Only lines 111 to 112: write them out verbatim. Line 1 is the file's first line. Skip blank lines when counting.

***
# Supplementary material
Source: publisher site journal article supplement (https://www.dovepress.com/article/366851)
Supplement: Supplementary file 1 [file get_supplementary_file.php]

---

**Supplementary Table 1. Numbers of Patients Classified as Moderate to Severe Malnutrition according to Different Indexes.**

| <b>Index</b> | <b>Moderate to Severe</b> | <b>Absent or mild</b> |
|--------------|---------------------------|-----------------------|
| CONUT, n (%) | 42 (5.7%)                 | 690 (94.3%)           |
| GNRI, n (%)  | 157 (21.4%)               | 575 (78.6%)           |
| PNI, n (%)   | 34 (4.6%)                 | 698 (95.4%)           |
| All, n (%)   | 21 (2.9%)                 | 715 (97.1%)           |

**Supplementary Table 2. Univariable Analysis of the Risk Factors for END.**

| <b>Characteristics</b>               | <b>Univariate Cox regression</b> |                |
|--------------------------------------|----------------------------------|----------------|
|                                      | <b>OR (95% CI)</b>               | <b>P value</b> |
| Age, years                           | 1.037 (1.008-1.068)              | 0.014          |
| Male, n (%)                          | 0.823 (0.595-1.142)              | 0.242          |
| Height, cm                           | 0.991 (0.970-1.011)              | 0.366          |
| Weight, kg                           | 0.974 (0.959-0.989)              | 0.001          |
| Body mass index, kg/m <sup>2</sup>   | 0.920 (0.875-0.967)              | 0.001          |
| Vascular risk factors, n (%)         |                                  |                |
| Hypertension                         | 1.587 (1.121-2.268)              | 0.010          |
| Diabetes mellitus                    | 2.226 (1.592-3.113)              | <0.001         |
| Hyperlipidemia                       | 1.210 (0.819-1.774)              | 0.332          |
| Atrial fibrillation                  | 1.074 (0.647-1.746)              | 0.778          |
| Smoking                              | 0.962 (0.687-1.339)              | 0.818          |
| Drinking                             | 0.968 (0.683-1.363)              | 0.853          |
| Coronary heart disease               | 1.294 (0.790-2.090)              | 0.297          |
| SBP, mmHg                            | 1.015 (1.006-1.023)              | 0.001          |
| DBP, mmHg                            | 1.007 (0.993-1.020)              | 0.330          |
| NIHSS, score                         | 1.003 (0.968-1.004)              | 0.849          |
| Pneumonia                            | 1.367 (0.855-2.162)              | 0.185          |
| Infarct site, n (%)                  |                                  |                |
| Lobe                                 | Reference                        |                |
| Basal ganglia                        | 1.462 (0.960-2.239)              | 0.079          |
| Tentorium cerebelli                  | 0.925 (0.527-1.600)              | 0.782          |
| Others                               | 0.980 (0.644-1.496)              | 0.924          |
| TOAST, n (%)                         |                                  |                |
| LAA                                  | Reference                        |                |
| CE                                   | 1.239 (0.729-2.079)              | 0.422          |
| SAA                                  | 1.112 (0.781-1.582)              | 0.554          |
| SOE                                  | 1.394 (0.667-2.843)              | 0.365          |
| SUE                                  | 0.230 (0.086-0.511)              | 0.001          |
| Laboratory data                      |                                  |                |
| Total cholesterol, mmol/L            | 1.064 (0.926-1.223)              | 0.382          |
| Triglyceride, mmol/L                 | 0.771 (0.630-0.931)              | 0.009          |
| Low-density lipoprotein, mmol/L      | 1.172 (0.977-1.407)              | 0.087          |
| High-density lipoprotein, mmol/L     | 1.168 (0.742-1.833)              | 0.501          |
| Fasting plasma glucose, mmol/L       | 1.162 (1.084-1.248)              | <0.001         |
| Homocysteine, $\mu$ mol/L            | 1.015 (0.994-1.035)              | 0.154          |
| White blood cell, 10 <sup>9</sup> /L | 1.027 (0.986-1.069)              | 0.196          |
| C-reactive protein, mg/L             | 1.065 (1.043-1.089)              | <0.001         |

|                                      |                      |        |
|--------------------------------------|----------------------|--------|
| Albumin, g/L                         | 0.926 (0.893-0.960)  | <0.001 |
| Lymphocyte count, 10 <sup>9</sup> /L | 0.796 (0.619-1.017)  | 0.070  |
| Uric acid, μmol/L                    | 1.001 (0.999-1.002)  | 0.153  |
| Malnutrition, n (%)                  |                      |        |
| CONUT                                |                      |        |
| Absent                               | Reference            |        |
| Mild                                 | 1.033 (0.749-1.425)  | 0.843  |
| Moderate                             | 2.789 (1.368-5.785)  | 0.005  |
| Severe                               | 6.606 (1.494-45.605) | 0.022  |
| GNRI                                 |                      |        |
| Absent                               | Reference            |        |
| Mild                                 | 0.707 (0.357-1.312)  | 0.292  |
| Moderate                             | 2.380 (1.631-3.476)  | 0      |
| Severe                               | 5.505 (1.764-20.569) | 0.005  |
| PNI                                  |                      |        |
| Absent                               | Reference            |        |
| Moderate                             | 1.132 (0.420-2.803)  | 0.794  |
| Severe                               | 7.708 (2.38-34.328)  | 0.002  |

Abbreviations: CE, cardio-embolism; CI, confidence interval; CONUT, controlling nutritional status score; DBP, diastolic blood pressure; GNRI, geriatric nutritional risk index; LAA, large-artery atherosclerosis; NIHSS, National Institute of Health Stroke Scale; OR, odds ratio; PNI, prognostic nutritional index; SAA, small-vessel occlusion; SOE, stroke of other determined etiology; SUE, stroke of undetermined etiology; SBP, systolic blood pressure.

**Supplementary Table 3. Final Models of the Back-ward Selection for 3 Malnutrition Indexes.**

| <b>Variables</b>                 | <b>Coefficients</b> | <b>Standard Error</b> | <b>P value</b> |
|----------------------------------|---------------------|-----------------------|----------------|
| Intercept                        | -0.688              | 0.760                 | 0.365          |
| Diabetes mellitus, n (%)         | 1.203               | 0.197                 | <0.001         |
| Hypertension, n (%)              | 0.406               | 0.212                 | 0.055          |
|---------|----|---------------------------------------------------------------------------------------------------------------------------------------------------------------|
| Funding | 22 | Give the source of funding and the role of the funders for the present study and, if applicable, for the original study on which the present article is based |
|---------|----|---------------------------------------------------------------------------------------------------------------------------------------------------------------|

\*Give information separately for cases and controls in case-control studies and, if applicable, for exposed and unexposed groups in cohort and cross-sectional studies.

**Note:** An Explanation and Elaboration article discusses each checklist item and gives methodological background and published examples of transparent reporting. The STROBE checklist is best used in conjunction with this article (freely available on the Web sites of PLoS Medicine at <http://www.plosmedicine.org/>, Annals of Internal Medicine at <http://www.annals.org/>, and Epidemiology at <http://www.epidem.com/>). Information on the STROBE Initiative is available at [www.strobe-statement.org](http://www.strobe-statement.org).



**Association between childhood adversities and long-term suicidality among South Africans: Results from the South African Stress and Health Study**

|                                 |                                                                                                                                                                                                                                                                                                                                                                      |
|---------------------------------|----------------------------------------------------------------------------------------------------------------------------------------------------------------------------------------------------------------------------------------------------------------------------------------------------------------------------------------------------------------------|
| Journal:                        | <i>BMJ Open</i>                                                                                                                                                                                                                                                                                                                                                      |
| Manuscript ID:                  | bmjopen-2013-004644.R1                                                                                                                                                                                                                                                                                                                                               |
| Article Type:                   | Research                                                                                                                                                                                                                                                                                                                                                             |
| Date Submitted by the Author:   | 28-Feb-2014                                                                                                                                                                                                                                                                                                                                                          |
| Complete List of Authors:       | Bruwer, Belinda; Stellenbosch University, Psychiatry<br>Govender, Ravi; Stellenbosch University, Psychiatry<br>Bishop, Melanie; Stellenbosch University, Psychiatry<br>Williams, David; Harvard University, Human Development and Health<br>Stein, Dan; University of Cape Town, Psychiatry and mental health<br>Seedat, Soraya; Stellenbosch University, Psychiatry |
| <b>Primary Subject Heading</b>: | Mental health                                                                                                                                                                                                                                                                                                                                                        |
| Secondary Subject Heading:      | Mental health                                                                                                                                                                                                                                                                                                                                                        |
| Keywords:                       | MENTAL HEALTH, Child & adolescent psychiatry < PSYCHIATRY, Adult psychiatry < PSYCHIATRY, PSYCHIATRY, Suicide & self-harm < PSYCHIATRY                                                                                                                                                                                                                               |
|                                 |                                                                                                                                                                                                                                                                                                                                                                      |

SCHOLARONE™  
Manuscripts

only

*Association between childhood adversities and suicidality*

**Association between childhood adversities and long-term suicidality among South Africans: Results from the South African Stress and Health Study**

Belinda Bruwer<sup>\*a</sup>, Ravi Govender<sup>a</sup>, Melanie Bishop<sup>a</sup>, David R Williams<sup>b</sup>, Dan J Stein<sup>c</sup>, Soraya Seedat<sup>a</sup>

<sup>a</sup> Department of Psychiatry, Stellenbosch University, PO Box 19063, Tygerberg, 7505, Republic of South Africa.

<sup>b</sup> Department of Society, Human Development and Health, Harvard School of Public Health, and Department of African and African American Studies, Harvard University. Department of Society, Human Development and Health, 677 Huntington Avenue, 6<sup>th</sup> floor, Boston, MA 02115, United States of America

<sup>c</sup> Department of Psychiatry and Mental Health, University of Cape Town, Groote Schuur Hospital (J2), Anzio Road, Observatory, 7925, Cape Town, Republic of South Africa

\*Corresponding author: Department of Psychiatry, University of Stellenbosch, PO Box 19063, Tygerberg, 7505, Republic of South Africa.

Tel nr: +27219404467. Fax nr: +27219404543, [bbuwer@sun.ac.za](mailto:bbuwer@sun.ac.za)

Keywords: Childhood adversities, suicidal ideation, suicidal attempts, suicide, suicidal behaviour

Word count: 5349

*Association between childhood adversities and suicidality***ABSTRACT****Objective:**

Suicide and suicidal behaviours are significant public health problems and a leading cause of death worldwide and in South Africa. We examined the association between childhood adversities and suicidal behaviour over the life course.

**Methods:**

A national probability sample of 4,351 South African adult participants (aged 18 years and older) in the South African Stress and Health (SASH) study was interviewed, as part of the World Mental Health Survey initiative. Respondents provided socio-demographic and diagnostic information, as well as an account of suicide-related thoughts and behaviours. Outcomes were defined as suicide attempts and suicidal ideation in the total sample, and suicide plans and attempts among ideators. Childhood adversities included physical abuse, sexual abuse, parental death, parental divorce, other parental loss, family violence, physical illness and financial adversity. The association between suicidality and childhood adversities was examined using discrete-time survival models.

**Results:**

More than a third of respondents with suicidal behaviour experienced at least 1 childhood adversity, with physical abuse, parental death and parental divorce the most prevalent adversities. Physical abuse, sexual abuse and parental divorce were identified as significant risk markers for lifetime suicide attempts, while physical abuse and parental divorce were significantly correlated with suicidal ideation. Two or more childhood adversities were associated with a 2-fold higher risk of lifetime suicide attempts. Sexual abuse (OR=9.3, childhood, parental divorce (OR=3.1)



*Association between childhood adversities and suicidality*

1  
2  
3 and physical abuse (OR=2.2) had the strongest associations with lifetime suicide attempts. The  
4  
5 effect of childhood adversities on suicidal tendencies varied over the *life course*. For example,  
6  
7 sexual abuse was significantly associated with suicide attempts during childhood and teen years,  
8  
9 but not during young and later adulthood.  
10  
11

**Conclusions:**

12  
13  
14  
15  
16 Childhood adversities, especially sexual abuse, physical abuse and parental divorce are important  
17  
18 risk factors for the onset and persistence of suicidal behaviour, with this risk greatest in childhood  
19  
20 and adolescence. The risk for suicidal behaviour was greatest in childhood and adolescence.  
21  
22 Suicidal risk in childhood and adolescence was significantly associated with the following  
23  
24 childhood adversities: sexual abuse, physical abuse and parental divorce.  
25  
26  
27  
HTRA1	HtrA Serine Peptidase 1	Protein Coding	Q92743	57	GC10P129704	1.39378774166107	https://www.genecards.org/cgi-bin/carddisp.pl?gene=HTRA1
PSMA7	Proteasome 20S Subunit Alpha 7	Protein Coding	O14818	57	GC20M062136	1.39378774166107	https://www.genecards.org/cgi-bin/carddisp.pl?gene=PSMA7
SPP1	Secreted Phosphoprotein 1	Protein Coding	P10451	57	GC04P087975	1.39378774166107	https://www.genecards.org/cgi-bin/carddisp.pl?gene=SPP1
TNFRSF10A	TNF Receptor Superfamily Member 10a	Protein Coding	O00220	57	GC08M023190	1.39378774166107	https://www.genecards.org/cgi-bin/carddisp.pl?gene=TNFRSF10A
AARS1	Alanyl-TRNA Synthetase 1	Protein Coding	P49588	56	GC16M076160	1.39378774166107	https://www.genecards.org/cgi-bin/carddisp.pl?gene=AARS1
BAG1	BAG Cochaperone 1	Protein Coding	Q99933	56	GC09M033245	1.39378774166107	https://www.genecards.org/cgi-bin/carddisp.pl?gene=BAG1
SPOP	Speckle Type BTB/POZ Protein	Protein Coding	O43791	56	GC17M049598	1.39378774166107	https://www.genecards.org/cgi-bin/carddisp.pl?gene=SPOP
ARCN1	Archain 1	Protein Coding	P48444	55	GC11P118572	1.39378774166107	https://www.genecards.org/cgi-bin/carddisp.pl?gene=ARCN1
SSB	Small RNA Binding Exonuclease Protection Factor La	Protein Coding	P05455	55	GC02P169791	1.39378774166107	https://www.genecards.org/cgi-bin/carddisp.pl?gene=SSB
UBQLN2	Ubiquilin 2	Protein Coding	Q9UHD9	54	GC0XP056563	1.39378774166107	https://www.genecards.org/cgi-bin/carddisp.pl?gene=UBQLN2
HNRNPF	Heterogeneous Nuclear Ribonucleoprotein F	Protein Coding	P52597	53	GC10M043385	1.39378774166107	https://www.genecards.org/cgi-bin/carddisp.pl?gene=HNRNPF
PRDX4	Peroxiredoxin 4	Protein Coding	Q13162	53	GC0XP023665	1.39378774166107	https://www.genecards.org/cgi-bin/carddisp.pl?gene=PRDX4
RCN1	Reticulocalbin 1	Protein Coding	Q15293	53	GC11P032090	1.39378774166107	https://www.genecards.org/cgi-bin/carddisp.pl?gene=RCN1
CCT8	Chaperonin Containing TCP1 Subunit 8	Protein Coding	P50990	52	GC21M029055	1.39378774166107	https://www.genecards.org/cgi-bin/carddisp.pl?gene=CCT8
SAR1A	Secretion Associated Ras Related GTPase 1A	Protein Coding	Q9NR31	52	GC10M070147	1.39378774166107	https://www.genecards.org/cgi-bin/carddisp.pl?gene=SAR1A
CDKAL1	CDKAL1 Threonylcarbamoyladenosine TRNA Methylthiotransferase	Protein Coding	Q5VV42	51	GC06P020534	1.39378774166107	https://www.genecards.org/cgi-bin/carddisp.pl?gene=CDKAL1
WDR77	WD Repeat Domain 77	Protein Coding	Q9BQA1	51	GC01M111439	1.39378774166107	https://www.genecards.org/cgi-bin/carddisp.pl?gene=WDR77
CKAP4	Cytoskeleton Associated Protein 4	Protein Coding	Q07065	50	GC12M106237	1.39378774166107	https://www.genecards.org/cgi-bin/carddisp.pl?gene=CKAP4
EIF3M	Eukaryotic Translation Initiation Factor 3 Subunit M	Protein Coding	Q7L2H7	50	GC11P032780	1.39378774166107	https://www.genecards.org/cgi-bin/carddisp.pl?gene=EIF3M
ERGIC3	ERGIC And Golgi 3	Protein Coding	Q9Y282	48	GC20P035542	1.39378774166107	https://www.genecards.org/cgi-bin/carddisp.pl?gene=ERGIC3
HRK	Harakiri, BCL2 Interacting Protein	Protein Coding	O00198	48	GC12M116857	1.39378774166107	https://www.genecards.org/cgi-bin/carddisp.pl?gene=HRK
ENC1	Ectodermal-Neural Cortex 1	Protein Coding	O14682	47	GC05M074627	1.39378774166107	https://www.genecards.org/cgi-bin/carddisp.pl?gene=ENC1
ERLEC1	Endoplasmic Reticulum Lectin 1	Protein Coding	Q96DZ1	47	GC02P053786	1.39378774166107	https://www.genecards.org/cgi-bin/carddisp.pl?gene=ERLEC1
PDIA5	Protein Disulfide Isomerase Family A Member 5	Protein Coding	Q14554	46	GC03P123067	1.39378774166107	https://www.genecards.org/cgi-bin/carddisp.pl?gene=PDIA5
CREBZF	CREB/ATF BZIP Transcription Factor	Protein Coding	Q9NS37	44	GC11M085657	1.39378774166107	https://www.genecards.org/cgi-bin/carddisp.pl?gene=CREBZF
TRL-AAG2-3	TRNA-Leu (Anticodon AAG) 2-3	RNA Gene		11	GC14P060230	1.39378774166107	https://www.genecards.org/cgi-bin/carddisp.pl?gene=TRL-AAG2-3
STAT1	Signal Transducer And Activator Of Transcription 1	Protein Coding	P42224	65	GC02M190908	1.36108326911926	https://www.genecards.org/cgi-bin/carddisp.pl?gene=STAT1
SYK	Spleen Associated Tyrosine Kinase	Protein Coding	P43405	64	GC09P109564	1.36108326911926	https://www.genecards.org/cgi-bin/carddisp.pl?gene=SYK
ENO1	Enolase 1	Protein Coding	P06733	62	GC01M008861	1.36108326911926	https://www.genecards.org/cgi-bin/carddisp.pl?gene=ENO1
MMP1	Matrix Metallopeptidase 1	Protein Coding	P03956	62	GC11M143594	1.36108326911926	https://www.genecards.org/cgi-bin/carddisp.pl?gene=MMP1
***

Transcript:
Suicide and suicidal behaviours are significant public health problems and a leading cause of death worldwide and in South Africa. We examined the association between childhood adversities and suicidal behaviour over the life course.

**Methods:**